Shipping from 18 SEK

Sessantina Grossa, organic seeds

Eco Heirloom


RAPINIBROCCOLI. Brassica rapa esculenta. Resembles small (3-6 cm) broccolis with long tender stems and leaves. It is an Italian delicacy which is a closer relative to rape-plants and turnips than broccoli. It is also called Cima di Rapa or Broccoli Raab and is grown in several varieties in Italy where it is chiefly used in pasta sauces, soups and casseroles.  grows very fast and must be harvested often. Do not wait till morning when the flowers have opened. Certainly, they can be eaten too but they look a bit slack after poaching. Poach them in salted water for 2 minutes tops or eat them raw. B-R has a more potent taste than common broccoli and resembles a cross between lettuce-mustard and broccoli.
The plants bring forth new heads as long as they are cut off and quickly too. The blooming is delayed a little by ample space between the plants, 20-30 cm. It is necessary to have quite a few plants, 25-50, if you wish to have a continual supply of fresh R-B since each one doesn't yield enough for a dinner. The R-B grows best if sown a after mid July but a really early sowing in green houses or plots yield a lot too. It can handle some frost in the autumn. A portion contains about 300 seeds.


Product number:5105
Scientific name:Brassica rapa var. esculenta
Botanic family:The Mustard Family - Brassicaceae
Days to maturity:35
F1 Hybrid:No
New variety:No
Sowing time:Pre-cultivate: March/July–August
Sowing depth:1 cm
Germination time:4–7 days
Plant spacing:20–30 cm
Row spacing:60 cm
Height:50–60 cm
Plant location:Sun–Half shade
Seeds/g:200–300 seeds
Other:Short-day plant
Heirloom variety:Yes

Cultivation advice


Sow thinly indoors or in a hotbed, about 1cm deep, 4-6 weeks before setting out the plants as planned! The seeds want warmth when germinating, preferably just above 20C. After sprouting they should be in a light, cool and airy place to avoid lankiness and attacks by root-neck rot but not lower than 14C for any length of time. Low temperature increases the risk of bolters a lot. Temper the plants gradually before setting them, when the risk of frost is just about over. Most kinds of cabbage can handle a night of light frost. Set out the seedlings a little deeper and tread down the soil preventing the cabbage flies laying their eggs. Many early sorts can be sown directly as soon as the soil has warmed up. Do not allow the sowing to dry out and look out for the flea-beetles.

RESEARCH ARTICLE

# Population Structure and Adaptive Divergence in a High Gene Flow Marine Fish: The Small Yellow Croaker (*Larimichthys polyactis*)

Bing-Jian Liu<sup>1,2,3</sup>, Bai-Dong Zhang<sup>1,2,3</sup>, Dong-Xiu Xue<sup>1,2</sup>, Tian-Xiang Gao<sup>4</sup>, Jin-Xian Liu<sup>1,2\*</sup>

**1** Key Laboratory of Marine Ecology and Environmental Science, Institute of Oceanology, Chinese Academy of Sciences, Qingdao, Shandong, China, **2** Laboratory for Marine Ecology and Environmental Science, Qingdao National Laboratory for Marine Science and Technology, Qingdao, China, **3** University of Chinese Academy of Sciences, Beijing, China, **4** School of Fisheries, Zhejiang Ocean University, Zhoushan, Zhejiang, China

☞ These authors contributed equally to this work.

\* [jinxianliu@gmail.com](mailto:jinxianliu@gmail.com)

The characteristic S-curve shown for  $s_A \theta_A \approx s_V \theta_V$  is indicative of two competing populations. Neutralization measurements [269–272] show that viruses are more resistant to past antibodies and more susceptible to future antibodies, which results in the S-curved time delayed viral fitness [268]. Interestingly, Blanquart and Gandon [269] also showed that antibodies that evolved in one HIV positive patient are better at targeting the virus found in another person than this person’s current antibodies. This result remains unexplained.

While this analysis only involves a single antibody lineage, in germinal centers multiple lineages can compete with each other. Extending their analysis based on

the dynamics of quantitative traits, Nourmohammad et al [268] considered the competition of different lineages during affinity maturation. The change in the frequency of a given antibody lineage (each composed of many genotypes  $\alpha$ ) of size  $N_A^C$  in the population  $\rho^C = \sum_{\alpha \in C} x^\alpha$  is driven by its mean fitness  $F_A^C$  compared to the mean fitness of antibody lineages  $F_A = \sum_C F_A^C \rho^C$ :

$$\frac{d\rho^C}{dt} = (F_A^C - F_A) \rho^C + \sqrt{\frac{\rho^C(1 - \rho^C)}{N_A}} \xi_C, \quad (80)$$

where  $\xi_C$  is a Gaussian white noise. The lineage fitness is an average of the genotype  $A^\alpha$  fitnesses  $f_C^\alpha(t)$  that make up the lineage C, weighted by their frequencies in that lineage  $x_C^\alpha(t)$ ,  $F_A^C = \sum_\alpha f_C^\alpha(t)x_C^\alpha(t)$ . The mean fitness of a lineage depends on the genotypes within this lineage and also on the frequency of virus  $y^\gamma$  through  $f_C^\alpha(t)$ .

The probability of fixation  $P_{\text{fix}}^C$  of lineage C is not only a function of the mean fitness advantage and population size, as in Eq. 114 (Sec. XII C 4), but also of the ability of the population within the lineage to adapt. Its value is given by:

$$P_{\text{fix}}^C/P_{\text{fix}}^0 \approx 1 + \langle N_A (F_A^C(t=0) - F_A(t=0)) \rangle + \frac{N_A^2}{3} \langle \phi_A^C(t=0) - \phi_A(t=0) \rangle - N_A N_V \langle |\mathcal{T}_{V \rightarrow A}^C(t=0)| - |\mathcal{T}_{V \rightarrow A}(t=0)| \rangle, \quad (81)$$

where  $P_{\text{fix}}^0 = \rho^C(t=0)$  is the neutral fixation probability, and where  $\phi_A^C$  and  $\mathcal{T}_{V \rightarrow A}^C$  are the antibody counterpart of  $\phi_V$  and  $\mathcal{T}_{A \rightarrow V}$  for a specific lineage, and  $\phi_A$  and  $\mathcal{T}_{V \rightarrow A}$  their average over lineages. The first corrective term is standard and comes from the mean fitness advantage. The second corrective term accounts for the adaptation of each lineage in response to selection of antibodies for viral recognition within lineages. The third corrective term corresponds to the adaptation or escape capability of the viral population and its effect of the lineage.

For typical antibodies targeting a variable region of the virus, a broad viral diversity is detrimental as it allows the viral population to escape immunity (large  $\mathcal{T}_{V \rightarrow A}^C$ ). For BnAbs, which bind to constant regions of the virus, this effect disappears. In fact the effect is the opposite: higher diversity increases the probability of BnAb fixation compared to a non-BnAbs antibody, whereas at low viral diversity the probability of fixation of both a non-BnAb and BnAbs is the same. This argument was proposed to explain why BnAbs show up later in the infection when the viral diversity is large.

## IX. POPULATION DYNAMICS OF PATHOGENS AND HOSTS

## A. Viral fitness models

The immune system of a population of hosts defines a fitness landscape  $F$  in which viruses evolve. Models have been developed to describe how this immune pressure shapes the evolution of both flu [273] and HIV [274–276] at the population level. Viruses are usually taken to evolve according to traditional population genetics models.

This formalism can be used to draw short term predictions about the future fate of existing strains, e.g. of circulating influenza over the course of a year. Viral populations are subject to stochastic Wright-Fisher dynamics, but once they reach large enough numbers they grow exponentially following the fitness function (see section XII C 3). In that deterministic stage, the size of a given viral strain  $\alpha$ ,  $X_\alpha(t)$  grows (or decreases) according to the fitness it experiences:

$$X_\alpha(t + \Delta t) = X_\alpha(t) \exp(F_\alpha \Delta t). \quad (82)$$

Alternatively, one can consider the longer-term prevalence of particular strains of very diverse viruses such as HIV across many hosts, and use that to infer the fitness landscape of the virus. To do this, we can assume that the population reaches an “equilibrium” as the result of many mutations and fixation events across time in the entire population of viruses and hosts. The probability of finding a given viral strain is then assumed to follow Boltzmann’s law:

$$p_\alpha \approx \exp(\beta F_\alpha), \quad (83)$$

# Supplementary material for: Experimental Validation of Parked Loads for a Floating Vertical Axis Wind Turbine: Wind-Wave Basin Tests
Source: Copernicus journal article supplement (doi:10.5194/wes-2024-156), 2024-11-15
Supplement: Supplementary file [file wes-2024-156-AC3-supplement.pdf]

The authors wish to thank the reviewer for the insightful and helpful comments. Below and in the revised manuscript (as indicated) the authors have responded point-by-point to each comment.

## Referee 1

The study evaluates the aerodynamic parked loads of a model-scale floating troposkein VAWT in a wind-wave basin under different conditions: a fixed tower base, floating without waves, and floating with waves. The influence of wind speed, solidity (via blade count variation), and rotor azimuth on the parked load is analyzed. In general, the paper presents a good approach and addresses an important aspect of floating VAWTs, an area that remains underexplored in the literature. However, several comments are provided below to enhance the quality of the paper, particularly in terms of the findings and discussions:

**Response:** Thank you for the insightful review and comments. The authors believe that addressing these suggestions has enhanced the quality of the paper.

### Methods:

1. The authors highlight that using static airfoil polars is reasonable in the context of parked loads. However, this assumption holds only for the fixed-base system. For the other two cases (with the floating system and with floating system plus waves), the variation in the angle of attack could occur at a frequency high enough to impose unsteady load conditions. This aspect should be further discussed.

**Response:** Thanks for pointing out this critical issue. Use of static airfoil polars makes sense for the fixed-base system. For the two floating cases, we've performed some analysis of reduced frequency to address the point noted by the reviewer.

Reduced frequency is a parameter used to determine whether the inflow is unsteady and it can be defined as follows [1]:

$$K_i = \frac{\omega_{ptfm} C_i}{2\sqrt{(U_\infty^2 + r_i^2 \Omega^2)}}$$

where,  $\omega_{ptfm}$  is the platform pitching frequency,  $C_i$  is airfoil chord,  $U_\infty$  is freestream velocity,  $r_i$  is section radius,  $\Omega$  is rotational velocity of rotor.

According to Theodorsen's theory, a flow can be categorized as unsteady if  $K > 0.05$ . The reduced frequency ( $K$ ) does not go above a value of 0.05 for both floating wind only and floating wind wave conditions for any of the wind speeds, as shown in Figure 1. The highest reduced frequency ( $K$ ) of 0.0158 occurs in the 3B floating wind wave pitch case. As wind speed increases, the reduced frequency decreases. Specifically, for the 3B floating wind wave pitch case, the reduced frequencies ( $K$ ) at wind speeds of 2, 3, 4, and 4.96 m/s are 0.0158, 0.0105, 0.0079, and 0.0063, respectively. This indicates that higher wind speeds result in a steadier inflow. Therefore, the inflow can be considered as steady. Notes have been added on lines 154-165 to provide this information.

Keep 5 cm between plants when pre-cultivating. Outdoors, Broccoli needs 40-50 cm between the plants in the row and about 60 cm between the rows. For a once over harvest a mutual distance of 25 cm is enough. The heads are a little smaller and the side-shoots few but the total crop will be at least as good.


Cut off the heads with large pieces of their delicious stalks left before the flower-buds have opened, but heads with recently opened flowers are good to eat too. The side-shoots are harvested gradually. The broccoli can handle quite a lot of cold and gets even more delicious after a few nights of frost, just like Kale and Brussels sprouts.I t can remain in its plot far into late autumn. The most common way of storing broccoli is freezing after parboiling. It is also excellent to dry, cut into small pieces, in slow heat.  


 200-300/g, one portion yields 50-100 seedlings after pre-cultivation and sows 5-10 m directly. 8-10 g for 100 seedlings and a little less than 10 g sow 100 m.  
A portion contains about 300 seeds.